Though he went through life without the use of his legs, he became proficient using his hands. He had a workshop where he made chairs, baskets, brooms, dolls and puppets. The old picture at the left shows him playing the fiddle and operating dancing dolls he had made himself. He also made a cart on which he could get around, using wooden blocks to propel himself. (Thanks to the Stone County History Museum in Mountain View, Ark. for this old photo.)

At 25 Henry married Margaret Parlee Anderson and with her bore and raised a family of 9 children.

When people write about our ancestor Henry Cooper they mention his similarity to the famous French Artist Toulouce Lautrec (1864-1901), a contemporary of Cooper. Lautrec was without the full use of his legs and, like our cousin Cooper, compensated for his infirmity by being extraordinarily creative.

Here then are three remarkable people in our family tree who overcame great hardships. They responded to their adversity with determination, fortitude and hard work. They are people whose DNA we share, and who inspire us to be as resilient as they were.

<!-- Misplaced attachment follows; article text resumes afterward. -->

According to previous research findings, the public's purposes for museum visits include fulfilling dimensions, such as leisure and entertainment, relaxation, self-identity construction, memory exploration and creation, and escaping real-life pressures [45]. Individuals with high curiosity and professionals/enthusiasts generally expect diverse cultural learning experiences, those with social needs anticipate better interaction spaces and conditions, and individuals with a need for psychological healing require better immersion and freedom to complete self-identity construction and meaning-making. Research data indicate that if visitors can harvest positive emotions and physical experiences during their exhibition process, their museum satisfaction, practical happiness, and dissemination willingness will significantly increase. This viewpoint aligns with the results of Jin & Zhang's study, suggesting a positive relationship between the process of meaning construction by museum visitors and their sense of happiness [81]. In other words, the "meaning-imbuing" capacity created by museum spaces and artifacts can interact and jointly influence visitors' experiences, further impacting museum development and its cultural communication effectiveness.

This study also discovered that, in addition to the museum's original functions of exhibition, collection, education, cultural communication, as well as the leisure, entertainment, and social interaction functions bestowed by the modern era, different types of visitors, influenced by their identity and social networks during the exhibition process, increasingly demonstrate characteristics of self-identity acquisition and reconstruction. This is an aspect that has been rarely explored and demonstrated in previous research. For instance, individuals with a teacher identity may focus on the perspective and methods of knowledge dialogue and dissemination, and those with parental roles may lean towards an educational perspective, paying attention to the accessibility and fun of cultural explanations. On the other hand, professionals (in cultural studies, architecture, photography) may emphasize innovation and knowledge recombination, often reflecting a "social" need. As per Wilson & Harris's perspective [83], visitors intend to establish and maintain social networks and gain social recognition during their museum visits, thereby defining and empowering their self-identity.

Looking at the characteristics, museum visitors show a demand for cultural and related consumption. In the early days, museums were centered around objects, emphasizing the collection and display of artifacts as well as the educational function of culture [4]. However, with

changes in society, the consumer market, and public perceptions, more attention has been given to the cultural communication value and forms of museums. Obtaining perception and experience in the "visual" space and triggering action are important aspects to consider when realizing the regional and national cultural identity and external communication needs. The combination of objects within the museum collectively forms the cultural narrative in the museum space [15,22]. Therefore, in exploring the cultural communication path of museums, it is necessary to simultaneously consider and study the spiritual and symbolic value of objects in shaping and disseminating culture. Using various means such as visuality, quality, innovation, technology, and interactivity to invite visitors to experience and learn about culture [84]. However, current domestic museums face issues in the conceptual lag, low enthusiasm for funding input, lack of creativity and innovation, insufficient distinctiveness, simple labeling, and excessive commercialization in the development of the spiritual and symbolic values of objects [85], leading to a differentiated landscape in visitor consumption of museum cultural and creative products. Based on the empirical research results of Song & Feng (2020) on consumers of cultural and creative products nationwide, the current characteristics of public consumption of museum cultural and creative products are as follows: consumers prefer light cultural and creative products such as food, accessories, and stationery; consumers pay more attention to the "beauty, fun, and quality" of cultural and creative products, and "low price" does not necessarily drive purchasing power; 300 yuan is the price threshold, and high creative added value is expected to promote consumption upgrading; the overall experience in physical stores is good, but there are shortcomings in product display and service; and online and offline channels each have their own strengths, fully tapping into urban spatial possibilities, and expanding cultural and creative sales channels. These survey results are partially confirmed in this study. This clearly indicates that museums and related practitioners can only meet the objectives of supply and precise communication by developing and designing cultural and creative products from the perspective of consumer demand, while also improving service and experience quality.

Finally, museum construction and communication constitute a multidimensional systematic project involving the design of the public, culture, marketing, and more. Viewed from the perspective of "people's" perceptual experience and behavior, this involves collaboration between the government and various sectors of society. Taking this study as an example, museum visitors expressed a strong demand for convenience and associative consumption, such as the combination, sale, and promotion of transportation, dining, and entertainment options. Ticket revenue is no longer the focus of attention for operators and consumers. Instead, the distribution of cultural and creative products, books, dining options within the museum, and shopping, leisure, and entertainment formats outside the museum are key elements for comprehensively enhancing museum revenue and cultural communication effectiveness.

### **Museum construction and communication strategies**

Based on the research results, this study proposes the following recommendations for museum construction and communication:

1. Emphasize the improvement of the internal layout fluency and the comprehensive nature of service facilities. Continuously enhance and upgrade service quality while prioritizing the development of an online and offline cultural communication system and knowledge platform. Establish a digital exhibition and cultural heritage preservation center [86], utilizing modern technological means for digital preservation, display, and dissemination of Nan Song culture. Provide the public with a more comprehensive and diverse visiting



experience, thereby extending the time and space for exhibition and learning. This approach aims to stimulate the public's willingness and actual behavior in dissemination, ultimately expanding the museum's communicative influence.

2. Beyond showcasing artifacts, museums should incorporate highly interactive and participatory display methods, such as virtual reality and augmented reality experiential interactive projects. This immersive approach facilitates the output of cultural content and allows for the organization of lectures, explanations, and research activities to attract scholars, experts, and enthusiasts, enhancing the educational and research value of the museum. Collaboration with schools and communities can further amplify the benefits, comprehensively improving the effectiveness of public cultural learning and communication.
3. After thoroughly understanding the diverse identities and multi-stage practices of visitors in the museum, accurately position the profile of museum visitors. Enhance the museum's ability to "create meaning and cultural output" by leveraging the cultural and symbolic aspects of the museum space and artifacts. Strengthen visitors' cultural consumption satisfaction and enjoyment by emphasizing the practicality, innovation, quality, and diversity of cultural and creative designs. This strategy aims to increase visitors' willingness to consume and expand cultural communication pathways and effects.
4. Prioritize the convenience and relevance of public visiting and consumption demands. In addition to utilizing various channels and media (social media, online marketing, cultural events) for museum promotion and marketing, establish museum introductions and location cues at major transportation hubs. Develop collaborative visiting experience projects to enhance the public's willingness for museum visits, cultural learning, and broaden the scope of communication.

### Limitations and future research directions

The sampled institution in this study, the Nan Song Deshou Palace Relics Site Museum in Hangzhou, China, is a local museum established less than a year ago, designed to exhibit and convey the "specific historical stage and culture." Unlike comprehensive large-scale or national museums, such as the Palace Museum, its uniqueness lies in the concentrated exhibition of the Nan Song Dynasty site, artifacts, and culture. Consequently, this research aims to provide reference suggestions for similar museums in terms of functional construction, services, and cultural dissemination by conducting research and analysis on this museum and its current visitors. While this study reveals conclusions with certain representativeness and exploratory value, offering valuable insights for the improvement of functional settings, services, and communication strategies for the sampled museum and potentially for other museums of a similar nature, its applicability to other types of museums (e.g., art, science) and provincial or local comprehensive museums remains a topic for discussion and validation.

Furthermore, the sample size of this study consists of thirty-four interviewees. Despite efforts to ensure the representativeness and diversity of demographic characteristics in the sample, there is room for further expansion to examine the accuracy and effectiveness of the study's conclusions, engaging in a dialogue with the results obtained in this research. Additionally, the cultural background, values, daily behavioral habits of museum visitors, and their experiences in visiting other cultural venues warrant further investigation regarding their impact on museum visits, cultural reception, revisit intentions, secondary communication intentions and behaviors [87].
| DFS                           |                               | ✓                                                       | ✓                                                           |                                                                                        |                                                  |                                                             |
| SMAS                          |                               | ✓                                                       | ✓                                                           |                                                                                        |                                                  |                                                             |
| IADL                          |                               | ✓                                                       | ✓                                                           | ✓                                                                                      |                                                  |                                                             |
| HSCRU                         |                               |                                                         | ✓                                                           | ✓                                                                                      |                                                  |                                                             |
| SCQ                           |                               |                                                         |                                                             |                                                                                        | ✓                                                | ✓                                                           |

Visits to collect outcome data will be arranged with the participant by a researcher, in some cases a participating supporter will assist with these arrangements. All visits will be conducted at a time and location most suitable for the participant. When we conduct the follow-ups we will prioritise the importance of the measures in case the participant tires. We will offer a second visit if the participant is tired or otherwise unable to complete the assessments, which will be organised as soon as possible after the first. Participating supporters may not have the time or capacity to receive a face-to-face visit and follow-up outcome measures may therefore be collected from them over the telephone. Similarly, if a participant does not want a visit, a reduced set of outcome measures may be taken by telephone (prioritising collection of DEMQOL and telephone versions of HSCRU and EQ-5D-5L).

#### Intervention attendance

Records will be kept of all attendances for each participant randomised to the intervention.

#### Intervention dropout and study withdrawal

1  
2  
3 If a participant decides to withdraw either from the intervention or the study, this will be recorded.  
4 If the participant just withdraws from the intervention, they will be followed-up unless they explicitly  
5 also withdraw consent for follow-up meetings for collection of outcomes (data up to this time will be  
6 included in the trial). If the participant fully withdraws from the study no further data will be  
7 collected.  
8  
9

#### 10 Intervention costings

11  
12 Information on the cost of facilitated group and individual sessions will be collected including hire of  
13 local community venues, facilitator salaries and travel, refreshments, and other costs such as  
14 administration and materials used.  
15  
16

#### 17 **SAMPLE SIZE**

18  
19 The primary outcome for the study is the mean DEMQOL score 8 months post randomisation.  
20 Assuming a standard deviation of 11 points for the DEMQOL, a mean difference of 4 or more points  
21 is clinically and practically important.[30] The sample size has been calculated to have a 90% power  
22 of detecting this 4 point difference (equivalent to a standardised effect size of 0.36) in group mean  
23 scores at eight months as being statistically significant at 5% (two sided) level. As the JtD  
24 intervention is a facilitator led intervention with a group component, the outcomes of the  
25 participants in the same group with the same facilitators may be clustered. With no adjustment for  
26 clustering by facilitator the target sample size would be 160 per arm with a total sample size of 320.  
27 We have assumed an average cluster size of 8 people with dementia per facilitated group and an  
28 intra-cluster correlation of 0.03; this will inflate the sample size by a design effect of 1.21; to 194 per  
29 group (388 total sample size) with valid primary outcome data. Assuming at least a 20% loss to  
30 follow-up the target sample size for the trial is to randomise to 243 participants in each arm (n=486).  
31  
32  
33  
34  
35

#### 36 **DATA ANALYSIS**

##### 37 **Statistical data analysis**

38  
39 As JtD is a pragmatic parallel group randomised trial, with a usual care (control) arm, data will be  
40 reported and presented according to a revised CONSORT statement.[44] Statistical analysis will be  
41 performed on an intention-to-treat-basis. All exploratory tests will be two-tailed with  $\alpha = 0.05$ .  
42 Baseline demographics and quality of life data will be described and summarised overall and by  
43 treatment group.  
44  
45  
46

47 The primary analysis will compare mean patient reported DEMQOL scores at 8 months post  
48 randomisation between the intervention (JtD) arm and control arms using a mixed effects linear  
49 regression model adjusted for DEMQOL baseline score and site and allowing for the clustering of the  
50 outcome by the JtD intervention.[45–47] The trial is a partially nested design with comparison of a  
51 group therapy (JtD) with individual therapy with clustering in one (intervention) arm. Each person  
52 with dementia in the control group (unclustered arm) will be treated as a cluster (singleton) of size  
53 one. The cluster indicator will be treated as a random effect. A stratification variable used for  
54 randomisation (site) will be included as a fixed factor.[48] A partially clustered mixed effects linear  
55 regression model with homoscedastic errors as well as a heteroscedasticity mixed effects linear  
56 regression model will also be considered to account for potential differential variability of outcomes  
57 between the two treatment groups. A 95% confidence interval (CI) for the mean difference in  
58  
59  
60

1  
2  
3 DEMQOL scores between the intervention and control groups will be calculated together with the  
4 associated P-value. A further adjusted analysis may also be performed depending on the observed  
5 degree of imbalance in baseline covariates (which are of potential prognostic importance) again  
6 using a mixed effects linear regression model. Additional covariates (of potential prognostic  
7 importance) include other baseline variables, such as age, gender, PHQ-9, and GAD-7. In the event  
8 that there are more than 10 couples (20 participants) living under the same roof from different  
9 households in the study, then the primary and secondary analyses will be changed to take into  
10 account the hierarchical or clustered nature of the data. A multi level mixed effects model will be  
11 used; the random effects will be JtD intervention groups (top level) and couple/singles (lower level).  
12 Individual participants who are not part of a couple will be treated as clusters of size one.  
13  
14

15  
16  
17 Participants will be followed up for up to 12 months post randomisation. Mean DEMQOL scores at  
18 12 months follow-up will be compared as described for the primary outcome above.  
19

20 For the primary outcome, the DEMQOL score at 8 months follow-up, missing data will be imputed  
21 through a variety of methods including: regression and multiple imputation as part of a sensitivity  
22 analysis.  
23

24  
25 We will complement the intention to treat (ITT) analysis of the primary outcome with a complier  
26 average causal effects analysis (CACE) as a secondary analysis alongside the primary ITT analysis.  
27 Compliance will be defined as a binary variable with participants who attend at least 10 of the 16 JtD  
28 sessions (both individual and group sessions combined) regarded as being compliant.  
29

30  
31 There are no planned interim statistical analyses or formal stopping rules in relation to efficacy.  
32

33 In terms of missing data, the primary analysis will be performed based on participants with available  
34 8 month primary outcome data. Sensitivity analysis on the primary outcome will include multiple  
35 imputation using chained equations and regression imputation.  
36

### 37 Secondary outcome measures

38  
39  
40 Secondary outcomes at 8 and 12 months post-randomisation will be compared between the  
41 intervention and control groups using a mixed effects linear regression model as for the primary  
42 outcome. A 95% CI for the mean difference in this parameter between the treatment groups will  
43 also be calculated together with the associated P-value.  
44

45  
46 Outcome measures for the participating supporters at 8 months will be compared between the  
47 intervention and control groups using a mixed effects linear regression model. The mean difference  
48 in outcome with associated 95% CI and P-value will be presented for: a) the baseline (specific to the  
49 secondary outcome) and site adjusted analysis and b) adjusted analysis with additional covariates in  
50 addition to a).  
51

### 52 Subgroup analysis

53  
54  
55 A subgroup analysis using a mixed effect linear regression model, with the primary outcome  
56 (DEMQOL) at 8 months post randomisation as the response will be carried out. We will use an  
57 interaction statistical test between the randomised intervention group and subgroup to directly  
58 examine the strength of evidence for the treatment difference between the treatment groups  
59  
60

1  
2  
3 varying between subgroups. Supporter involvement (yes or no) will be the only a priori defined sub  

- - -
Steve Shepard

Friday, October 14, 2022

A Forgotten Immigration

Much of my Shepard family research in recent years has focused on the descendants of James Sheppard (1775-1843) and his wife Hannah Gatchell Sheppard (1784-1839) from Kirkwood, Ohio. I wrote in a blog post a few years ago that James and Hannah Sheppard had over 100 grandchildren. As a result, they likely have several thousand descendants in the US today, over two centuries later. 

Massachusetts Bay Colony
Puritan Immigrants
Recently I have discovered that a whole other Shepard migration from England to Massachusetts took place in the 17th century by a large number of folks who spelled their last name SHEPARD, just as many of us do today. One of the unique things about these particular Shepard folks is that they were Puritans, which influenced the way they named their children. 

Two of the earliest Shepard immigrants from England to Massachusetts were Deacon Ralph Shepard (1603-1693) and his wife Thankslord Perkins (1609-1693). Other given names among these early immigrants were: